Friday, November 28, 2014

Chillin’ in Chiloé, Chile

Visiting the archipelago of Chiloé, about halfway between Santiago and Patagonia in the long string-bean of Chile, was like stepping a century back in time. Driving to our hotel we crossed a soft, rolling, green countryside not unlike New Zealand dotted with fluffy sheep and yellow gorse. A farmer was turning his field with two oxen yoked to a plow, seagulls flocking behind.

The island, I discovered, is an exotic place of subtle appeal. In Castro, the main town, we saw palafitos (houses on stilts), fishing boats unloading salmon and shellfish, and a man building a large wooden boat using a chainsaw and hammer. Entering the market, the aromas of
strange spices, meats and cheeses enveloped me. Another section displayed a kaleidoscope of colourful woolen scarves and handicrafts. The rolling Rs and sibilant Ss of Spanish filled our ears. I was surprised by the amount of seaweed being sold, especially bull kelp, which was tied up in box-like form. And potatoes of many strange shapes and colours reminded me that Chiloe is where the world’s spuds began. It has about 400 varieties.

A favourite memory is of the approximately 75 churches dating from the18th and 19th centuries, made of native timber and found in even the tiniest village. Many of the domed roofs look like ships’ hulls, reflecting the local talent for ship-building. Sixteen churches are UNESCO World Heritage Sites.

Best … the indigenous people, the Huilliches, believe in trolls, ghouls and mythological lore. Although mostly Catholics, they often visit shamans, instead of doctors. Witches are powerful and deal with many disputes. And there are enchanting legends. The Trauco, for example, is a forest dwarf who covers himself in bark becoming irresistible to virgins, a scenario often used to explain unwed pregnancies in villages.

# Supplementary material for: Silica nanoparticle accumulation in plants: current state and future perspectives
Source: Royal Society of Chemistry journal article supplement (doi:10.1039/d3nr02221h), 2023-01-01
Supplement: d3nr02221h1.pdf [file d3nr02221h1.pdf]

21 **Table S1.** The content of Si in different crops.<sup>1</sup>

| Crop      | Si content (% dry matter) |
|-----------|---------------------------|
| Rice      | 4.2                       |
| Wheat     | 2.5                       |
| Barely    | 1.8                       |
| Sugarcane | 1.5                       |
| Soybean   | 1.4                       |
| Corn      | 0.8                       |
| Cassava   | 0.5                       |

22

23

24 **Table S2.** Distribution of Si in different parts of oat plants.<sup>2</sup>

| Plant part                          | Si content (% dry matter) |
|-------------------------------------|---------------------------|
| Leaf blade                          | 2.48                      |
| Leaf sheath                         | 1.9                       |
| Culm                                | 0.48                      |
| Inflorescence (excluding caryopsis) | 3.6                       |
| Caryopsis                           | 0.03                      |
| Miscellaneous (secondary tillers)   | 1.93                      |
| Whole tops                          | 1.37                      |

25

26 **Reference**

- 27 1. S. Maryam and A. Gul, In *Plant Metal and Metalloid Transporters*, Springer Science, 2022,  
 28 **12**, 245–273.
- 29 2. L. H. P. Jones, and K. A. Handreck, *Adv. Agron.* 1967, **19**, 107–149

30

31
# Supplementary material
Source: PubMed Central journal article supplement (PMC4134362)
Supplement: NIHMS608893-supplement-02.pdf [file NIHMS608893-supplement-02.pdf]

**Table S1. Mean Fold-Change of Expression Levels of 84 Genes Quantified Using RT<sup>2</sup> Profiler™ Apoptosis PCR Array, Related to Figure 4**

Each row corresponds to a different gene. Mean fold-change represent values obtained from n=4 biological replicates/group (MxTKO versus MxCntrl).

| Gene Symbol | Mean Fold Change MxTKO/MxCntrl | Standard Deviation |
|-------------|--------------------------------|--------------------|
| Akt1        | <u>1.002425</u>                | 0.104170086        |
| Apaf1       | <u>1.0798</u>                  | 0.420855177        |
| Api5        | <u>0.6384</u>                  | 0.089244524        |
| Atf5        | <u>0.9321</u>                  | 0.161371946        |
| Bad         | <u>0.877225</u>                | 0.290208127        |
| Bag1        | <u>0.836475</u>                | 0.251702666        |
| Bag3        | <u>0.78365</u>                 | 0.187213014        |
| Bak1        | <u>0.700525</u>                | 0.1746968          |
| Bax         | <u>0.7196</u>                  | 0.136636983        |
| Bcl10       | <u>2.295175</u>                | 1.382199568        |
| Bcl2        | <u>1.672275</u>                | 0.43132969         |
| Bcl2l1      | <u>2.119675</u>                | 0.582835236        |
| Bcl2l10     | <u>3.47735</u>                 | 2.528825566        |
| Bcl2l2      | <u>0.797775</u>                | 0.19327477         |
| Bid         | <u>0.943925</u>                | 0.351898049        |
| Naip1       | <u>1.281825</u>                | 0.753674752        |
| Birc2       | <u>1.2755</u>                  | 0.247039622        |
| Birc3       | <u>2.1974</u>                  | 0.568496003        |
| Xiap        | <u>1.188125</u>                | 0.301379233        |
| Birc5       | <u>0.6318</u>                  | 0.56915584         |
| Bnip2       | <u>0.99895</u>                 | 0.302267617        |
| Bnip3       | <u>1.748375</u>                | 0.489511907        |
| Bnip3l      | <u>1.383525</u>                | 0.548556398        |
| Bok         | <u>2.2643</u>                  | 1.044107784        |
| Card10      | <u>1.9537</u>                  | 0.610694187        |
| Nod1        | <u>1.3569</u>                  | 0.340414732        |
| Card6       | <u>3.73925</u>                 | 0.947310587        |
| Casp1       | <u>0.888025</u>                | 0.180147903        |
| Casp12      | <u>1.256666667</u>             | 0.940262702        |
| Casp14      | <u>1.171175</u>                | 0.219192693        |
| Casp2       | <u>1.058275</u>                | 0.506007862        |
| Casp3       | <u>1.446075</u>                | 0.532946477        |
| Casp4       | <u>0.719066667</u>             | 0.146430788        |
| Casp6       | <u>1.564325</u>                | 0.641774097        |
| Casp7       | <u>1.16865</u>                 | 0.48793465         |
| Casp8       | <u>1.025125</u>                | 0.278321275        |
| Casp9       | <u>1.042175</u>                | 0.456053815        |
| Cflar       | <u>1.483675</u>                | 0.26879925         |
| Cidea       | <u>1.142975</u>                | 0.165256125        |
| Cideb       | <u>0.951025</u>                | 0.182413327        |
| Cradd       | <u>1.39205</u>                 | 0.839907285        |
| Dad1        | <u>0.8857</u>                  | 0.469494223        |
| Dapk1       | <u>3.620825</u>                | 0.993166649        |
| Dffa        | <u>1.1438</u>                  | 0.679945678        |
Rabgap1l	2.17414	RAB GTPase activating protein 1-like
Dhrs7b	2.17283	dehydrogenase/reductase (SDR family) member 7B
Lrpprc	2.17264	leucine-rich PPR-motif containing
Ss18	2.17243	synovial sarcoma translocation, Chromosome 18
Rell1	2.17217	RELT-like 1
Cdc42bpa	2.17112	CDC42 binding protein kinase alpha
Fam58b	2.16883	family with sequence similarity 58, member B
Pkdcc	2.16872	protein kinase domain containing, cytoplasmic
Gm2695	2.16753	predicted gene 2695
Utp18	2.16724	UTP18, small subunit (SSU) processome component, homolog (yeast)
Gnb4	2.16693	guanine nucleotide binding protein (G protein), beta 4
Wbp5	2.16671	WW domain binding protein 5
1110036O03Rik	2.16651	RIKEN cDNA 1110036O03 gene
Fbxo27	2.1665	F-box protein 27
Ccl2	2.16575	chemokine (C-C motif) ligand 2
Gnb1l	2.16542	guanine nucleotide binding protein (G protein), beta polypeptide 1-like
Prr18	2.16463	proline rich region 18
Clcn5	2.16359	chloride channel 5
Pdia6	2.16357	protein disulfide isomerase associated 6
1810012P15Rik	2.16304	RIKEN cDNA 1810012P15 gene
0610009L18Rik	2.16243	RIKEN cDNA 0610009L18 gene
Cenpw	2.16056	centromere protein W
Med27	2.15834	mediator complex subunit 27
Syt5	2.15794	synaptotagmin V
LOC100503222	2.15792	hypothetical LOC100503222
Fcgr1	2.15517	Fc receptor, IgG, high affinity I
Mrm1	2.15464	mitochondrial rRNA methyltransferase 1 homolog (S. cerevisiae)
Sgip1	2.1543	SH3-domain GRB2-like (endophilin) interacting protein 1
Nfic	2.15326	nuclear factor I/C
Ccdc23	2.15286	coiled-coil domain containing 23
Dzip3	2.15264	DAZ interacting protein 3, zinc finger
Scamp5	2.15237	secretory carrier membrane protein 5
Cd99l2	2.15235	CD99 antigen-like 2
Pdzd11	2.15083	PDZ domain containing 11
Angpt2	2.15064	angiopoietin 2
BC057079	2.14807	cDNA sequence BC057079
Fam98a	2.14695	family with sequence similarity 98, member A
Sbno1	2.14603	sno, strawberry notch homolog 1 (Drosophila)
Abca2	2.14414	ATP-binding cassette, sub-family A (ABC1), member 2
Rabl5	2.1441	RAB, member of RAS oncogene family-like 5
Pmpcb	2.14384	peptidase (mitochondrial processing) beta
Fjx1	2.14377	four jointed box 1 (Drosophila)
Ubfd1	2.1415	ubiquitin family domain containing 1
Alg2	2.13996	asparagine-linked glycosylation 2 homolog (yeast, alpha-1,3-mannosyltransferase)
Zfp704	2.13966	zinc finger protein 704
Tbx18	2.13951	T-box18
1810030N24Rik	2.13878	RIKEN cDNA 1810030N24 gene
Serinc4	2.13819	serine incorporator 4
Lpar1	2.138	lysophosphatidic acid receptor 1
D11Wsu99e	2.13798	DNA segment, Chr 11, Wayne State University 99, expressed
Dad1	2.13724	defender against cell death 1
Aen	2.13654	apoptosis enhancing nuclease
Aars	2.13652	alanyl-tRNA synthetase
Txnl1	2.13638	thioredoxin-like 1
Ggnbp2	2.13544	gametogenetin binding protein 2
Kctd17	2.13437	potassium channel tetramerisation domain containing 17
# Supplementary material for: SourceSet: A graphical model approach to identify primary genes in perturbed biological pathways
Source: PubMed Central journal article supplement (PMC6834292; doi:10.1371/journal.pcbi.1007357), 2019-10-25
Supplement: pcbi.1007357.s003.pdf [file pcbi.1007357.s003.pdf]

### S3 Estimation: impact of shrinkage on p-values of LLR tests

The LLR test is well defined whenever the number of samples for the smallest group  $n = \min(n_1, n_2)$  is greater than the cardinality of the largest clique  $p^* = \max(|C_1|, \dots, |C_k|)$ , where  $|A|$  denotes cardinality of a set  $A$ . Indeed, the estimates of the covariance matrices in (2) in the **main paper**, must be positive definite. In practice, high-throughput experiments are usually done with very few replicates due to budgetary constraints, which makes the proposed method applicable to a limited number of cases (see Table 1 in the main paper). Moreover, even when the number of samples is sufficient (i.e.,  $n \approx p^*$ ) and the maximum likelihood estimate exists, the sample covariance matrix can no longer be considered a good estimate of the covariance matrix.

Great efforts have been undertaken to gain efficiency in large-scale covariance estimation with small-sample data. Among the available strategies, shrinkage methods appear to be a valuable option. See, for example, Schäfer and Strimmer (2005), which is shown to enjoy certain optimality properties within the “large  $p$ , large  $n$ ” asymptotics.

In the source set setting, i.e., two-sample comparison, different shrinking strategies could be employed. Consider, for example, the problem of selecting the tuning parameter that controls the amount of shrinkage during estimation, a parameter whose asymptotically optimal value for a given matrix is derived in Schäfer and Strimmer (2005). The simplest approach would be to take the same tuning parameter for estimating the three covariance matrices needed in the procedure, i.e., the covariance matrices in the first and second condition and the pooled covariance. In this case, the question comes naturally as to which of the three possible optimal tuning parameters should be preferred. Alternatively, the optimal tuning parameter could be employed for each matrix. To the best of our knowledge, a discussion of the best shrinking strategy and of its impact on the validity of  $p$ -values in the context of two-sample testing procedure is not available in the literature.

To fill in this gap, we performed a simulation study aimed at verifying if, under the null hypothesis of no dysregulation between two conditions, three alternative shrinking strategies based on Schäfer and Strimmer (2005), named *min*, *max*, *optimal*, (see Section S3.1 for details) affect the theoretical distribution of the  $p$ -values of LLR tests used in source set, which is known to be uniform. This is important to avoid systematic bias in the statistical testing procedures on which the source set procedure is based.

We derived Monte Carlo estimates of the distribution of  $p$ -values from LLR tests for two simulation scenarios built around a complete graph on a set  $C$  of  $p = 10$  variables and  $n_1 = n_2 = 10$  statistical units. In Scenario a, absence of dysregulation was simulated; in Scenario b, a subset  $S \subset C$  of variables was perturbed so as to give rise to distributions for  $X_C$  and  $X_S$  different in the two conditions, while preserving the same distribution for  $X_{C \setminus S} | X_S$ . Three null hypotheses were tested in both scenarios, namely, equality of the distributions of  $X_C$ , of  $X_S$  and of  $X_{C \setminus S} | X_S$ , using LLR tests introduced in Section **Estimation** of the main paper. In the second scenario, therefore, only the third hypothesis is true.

We entered the Chiloe National Park on the west
coast, a land of wind-blown wetlands and bright green forests. A penguin colony lives near here and blue whales, dolphins, sea lions and sea otters swim offshore.

That evening we recounted the day’s adventures over glasses of full-bodied Chilean wines while savouring a traditional gastronomic treat, the curanto. A hole in the ground is filled with layers of mussels, clams, beef, pork chicken, sausage and potatoes between large nalca (rhubarb) leaves and cooked over hot rocks for hours. Yummy!

Chiloé was fascinating, and I loved its slow-paced way of life. I didn’t, however, wander into the forest at night.

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